NASS Festival – Review

NASS is the hottest UK festival of the year…so far!

With an eclectic mix of BMX, street-skaters, grime, rap, hip hop and pop, NASS created the most exciting street culture event in the festival calendar, without question.

Friday highlighted the sheer variety of music on offer. Kurupt FM, fresh from their headline appearance at the Arcadia stage of Glastonbury drew a huge crowd within the Hanger at Shepton Mallet. Originally a comedy act from BBC mock series ‘People Just Do Nothing’, MC Grindah truly is one of the best MC’s on the scene. If the band had been formed in the heyday of garage at the start of the 2000’s, they would surely have been one of the biggest genuine acts.

Over on the main stage Willow Kayne stepped in for a surprise appearance with her FIFA-22 soundtrack hit ‘Two Seater’…later Mabel brought glamour with her pumped up-pop. Her bright and beaming tunes may not have been what the average NASS attendee wanted to hear, but it’s clear after her slot, she’ll be headlining in the future.

Speaking of headliners, this was first time Headie One has topped the bill at a UK festival. Although he played a mix of his own tracks, much of his set was made up of covers of his contemporaries, such as Dave and Notorious B.I.G. It’s a shame he didn’t play more of his own tracks to showcase his writing talents.

On Saturday, the BMX and street skate qualifiers began – simply, wow! The moves pulled off in the men’s and women’s competitions were truly breathtaking and the skills defied gravity. As well as International pro skateboarders, competing athletes included Olympic talent such as gold medallist Charlotte Worthington and Team GB’s Declan Brooks. With a combined prize purse of £60,000 it was impressive and sporting to see each talented participant cheer on their competitors while waiting on the ramps.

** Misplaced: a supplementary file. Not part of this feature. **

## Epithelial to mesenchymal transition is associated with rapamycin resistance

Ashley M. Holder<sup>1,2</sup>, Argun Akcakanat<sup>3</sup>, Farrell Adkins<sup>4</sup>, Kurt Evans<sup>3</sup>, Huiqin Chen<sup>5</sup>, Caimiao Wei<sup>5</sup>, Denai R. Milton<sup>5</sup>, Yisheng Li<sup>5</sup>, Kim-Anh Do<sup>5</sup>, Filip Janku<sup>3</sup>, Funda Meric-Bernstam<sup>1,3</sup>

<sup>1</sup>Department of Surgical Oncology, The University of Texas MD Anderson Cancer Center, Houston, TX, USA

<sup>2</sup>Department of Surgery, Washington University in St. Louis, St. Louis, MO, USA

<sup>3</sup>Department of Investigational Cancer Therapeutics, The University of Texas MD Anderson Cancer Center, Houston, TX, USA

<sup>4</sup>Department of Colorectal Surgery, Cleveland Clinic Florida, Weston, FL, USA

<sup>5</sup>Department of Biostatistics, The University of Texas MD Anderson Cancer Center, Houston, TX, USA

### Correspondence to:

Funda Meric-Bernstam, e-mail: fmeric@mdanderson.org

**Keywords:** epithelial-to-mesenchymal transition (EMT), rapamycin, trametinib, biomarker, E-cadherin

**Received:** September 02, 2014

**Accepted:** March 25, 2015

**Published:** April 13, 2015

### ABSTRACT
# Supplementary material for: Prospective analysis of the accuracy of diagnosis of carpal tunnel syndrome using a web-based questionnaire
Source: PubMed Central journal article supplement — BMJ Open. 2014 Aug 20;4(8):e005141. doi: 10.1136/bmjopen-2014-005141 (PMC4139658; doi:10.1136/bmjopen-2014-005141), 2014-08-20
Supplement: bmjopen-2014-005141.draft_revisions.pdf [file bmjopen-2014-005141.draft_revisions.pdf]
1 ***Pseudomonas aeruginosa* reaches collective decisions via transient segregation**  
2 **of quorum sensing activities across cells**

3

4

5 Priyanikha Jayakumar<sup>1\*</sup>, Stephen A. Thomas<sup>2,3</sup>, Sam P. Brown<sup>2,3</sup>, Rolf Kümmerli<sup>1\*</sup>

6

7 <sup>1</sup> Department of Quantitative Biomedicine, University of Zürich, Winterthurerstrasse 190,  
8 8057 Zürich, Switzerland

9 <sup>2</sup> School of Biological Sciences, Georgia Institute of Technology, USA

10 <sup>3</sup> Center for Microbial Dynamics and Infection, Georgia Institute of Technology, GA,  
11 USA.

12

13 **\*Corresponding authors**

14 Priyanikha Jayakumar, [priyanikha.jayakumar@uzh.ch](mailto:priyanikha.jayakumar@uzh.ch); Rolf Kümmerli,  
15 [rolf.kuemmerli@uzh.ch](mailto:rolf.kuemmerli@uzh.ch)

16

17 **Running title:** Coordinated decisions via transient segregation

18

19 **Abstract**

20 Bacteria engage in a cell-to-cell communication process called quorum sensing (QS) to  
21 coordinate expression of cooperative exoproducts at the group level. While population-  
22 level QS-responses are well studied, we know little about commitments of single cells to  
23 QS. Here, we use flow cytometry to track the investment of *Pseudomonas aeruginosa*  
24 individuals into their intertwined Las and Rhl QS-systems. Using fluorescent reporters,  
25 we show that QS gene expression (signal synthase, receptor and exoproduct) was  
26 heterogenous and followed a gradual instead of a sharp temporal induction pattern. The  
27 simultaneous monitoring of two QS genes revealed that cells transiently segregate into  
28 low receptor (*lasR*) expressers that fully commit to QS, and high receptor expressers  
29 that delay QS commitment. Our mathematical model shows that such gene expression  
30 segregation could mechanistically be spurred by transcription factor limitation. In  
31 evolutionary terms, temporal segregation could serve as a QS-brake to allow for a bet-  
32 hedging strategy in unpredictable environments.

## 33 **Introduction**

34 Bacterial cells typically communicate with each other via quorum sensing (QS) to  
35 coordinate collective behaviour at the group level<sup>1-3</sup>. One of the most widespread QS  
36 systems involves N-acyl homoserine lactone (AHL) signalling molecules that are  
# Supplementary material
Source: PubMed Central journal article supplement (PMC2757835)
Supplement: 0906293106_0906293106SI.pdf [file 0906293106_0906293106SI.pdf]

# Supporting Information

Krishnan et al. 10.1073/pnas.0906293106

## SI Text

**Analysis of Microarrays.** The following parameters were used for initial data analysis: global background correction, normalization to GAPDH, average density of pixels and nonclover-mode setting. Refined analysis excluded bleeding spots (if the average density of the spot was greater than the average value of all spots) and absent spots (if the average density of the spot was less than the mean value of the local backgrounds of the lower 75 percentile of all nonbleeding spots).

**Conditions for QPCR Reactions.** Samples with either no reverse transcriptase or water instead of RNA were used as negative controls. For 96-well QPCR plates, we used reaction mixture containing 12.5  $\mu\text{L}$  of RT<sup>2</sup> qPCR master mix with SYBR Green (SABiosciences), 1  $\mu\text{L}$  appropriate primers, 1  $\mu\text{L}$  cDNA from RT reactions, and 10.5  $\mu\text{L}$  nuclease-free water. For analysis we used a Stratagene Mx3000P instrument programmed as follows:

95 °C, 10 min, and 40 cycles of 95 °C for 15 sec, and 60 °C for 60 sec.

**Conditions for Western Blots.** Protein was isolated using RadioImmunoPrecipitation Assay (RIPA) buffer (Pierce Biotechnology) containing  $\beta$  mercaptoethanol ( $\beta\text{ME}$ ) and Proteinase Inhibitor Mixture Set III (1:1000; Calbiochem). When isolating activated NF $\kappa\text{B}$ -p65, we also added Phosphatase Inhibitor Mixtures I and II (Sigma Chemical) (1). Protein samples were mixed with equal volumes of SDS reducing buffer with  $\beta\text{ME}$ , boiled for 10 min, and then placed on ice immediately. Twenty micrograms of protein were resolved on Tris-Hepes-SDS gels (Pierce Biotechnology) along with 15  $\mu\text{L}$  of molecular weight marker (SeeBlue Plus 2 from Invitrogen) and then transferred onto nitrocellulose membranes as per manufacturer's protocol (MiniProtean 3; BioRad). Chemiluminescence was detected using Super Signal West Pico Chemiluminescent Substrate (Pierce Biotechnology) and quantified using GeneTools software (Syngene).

Saturday’s line up was arguably stronger than the opening day, with artists getting increasingly impressive as the sun shone down.

Bad Boy Chiller Crew were a second-rate Kurupt FM, with novelty tunes, a bassline, bucket hats and for some reason, sweltering balaclavas. Later, Gentleman’s Dub Club proved they are one of the ultimate festival bands with sharp suits and sharper notes.

Later the glamour truly took to the stage with Raye. She stated in an interview that ‘people know the songs, but they don’t know me’ – surely that’s all going to change. She’s currently not signed to a label and is an independent artist, but after this performance, it won’t be long until she’s signed and has a number one album. Her outfit malfunction was a little cheeky however.

Raye © Graham Tarrant

Queen of pop Becky Hill followed, proclaiming that the crowd shouldn’t think they’re too cool for her brand of pop. It’s clear she’s a lover of Drum’n’Bass with chart-topping hits such as ‘Run‘. She’s must have now played every festival in the UK, but is always a crowd pleaser and won over many waiting for Saturday headliner, Loyle Carner.

Arguably the nicest bloke in rap, Loyle made multiple dedications to his mother. Not the coolest thing for the skater audience, but it was well intentioned. 

After a hard day in the park, Saturday concluded with the thrilling ring of fire, which skaters fearlessly rode their boards through. Well… while some rode through it, others wiped out and others were less fortunate in catching the ring head-on. All in the aid of some much-needed beer tokens.

As usual at a festival, Sunday was a far more sedate affair. The temperatures soared, so many took shelter from the sun. Ms Banks and Ella Eyre played hot sets before Wilkinson delivered his fiery new album Cognition in full. Like the rest of the festival, the set relished in a mix and myriad of styles and genres across the musical spectrum.

Concluding the festival on a high was AJ Tracey with an impressive headline set. Closing out this year’s event in impressive style, with his legendary ‘Ladbroke Grove’ and ‘Thiago Silva’. 

Early bird tickets for next year’s NASS go on sale on Wednesday 13 July.

Don’t miss out on this hot festival.

© Graham Tarrant


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